Ocean acidification could doom key Arctic fish species: study

A school of polar cod swims in a laboratory tank in Tromsø, Norway. Photo of the research work of the AWI scientist Flemming Dahlke within the framework of the BIOACID program on the consequences of ocean warming and acidification. (Flemming Dahlke/Alfred-Wegener-Institut)
Ocean acidification combined with warming of the world oceans and loss of oxygen is having a severe impact on key Arctic marine species such as polar cod in the Barents Sea, according to a new study conducted by German scientists.

The eight-year interdisciplinary study, which began in 2009 and involved more than 250 scientist in the German research network on ocean acidification BIOACID (Biological Impacts of Ocean Acidification), investigated how different marine species respond to ocean acidification – a change in the ocean chemistry that occurs when carbon dioxide (CO2) from the atmosphere dissolves in seawater.

In addition to ocean acidification, the study, Exploring Ocean Change: Biological Impacts of Ocean Acidification, also examined the cascading effect of other stressors such as ocean warming, deoxygenation, overfishing and eutrophication – the increased concentration of nutrients in estuaries and coastal waters that causes harmful algal blooms, ocean dead zones and fish kills.

By taking up carbon dioxide from the atmosphere, the ocean slows down global climate change. It acts as a gigantic carbon sink, without which our planet would heat up much more and much faster than we observe today. But as carbon dioxide dissolves in the ocean, it triggers a chemical reaction with far-reaching consequences: carbonic acid is produced and the water becomes more acidic – its pH declines, the study said.

Since the beginning of the Industrial Revolution fuelled by the burning of fossil fuels – from coal to oil and gas – the average pH of the global ocean surface has already fallen from 8.2 to 8.1. That seemingly small change corresponds to an increase in acidity of about 26 per cent, according to the study.

The study by some 20 research institutes combined laboratory and large-scale field experiments conducted with keystone species and natural communities in various habitats in the North Sea and the Baltic, the Arctic, and Papua New Guinea, to examine the effects of this increased acidification.

Atlantic cod wins, polar cod loses
The waters off Spitsbergen seen from the research trawler Heincke in August 2013. Ocean warming and acidification is making these Arctic waters increasingly accessible for Atlantic cod who now compete with the native species of polar cod, according to research led by Felix Mark, a marine biologist with the Alfred Wegener Institut for polar and marine research in Germany.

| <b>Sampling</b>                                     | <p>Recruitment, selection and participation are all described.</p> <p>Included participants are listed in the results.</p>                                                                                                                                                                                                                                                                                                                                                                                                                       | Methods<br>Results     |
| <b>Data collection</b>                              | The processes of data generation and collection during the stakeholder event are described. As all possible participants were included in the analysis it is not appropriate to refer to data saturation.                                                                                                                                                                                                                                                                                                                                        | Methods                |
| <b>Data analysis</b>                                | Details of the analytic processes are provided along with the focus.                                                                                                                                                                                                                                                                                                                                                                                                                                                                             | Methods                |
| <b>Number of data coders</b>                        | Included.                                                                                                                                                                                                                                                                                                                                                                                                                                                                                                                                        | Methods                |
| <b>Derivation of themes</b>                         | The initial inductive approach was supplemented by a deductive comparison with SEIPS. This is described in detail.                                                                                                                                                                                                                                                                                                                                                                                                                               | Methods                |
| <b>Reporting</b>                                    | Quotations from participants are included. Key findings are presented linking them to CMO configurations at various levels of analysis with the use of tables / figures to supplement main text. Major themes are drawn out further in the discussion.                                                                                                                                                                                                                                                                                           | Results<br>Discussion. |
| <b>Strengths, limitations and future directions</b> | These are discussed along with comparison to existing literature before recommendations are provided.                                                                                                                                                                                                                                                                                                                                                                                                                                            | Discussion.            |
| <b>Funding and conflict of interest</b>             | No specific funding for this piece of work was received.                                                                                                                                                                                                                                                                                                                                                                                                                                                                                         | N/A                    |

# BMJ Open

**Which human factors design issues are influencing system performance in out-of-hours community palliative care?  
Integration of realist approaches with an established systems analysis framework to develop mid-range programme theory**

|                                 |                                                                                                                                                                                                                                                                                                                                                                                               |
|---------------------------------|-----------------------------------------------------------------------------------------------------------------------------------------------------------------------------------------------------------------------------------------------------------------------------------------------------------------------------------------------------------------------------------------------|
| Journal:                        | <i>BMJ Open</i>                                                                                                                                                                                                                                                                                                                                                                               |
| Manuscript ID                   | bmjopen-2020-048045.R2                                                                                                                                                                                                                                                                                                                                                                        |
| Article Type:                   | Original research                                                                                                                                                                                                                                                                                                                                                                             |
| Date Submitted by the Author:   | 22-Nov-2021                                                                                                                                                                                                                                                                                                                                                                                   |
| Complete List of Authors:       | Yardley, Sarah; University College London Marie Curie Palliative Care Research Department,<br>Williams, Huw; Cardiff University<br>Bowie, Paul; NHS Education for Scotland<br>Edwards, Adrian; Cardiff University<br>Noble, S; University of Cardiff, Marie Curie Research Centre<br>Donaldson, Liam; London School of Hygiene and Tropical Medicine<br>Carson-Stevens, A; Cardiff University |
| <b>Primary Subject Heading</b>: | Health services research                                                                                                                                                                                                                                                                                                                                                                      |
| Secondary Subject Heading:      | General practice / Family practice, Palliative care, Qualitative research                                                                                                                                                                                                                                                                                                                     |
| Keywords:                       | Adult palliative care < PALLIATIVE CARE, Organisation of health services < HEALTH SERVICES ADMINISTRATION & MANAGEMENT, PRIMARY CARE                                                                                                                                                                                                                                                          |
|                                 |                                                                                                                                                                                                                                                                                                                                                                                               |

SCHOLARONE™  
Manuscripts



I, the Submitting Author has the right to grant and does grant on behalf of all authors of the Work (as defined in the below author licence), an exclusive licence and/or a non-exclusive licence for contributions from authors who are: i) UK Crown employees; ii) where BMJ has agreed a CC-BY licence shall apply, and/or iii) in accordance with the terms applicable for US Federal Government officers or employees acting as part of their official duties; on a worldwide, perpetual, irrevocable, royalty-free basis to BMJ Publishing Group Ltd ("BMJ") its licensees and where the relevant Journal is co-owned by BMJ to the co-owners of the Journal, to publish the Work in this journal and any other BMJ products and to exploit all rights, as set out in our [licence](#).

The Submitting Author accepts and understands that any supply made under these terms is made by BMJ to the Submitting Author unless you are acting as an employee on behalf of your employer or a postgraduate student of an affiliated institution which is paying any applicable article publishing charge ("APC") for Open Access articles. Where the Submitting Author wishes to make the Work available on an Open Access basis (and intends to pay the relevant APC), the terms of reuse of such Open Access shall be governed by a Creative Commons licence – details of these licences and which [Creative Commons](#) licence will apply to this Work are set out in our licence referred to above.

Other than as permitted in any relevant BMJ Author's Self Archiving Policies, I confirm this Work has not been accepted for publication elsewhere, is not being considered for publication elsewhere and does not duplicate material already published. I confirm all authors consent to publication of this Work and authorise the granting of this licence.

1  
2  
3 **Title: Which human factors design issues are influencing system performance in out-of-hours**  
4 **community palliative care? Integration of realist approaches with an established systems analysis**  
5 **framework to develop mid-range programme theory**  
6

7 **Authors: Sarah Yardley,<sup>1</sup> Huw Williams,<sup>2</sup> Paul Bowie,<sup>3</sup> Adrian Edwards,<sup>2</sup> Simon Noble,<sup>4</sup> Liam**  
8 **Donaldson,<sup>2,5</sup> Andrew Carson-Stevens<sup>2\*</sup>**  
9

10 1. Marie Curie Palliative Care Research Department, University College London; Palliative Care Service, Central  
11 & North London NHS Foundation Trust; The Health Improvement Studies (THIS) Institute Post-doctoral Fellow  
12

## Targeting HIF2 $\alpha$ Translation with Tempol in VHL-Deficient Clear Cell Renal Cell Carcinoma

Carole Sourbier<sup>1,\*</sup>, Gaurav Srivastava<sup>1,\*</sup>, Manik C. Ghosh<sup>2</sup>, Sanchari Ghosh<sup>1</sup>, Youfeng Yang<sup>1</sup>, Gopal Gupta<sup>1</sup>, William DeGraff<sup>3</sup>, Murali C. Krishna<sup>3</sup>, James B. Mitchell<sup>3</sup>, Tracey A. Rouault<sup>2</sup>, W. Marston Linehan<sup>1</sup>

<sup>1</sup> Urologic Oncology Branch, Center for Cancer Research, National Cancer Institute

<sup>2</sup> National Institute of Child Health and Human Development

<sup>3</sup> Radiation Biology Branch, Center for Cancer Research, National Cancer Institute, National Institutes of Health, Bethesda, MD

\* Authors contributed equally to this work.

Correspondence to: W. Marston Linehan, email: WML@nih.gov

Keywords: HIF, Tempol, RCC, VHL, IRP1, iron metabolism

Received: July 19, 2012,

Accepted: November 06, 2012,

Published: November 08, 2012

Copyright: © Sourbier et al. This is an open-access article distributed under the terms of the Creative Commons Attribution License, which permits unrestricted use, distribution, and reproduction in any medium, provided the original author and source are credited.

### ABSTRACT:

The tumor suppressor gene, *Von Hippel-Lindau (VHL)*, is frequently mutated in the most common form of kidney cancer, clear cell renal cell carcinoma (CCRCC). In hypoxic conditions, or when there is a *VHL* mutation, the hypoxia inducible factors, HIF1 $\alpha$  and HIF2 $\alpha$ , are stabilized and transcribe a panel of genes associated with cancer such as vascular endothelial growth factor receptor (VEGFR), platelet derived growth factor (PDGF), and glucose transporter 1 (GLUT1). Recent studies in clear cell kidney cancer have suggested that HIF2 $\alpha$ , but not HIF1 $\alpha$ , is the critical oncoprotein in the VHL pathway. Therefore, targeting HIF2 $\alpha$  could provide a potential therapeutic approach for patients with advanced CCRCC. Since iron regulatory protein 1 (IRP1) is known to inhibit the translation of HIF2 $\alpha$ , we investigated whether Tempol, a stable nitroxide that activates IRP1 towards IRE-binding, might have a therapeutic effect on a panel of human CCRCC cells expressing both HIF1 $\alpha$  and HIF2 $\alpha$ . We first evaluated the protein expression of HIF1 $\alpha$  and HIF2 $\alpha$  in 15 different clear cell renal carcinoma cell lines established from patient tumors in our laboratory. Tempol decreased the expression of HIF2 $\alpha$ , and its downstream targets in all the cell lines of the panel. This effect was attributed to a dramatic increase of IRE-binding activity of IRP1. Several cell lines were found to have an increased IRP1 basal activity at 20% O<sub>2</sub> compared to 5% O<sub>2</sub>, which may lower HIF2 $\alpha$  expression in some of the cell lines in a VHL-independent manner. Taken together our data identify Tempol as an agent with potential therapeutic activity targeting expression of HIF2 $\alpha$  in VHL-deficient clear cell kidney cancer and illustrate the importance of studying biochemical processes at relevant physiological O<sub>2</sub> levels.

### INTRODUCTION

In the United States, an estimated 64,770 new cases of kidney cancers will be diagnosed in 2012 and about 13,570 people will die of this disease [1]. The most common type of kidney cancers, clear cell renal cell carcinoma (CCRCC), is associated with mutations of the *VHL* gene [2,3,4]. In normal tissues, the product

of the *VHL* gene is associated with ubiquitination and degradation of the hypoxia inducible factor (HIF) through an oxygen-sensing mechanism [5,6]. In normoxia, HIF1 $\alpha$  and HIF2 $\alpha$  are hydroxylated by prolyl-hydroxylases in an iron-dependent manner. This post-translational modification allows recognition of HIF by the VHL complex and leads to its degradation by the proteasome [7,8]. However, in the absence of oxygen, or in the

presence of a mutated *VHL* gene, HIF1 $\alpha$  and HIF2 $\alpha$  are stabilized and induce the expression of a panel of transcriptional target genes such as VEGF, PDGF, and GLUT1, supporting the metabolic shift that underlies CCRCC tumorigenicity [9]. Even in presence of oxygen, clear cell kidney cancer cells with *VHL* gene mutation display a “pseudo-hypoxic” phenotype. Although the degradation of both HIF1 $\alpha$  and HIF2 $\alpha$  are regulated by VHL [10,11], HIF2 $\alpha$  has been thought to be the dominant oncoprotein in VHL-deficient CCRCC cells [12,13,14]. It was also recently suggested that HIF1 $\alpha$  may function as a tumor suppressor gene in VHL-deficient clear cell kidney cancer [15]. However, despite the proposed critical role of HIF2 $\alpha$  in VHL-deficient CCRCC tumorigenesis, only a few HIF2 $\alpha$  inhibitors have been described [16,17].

The results indicate that by the end of the century, Atlantic cod stocks in the Baltic and the Barents Sea might be reduced to about a quarter of today’s size due to ocean acidification, said Felix Mark, marine ecophysiologist at Alfred Wegener Institute, Helmholtz Centre for Polar and Marine Research (AWI).

Rising water temperatures in the North Sea and the Barents Sea around Spitsbergen, are allowing the Atlantic cod to move northwards and invade the habitat of the native polar cod, said Mark in a phone interview from Germany.

Laboratory experiments at Alfred Wegener Institute in Bremerhaven have shown that the highly specialised polar cod needs certain temperatures to thrive, said Mark who was the lead researcher in the BIOACID study into effects of ocean acidification on polar and Atlantic cod populations.

‘Strong predator’
(From left to right) Isabel Ketelsen, Felix Mark and Dirk Mengedoht dissect an adult Atlantic cod. (Alfred-Wegener-Institut)

In the meantime its larger southern cousin, the Atlantic cod, is far more able to adapt to changes in water temperature and the food web, and could eventually take over the polar cod’s environment, Mark said.

“The Atlantic cod is a very strong predator, it eats about everything it can find, and for that reason it has the potential of overturning the whole ecosystem up around Spitsbergen,” Mark said.

The polar cod have been the key species in that ecosystem, linking the lower levels of the food webs such as plankton to higher level food levels such as seals and whales, he said.

“Now the Atlantic cod comes and invades that ecosystem,” Mark said. “The problem is as the oceans are warming the polar cod would also move polewards but since we are already at the poles up there, they can’t move any further, basically with their backs against the wall.”

Felix Mark, of the Alfred Wegener Institut in Germany, on board the research trawler Heincke in August 2013. Mark’s research for the BIOACID research project focused on the impact of ocean warming and acidification on Atlantic and polar cod. (Alfred-Wegener-Institut)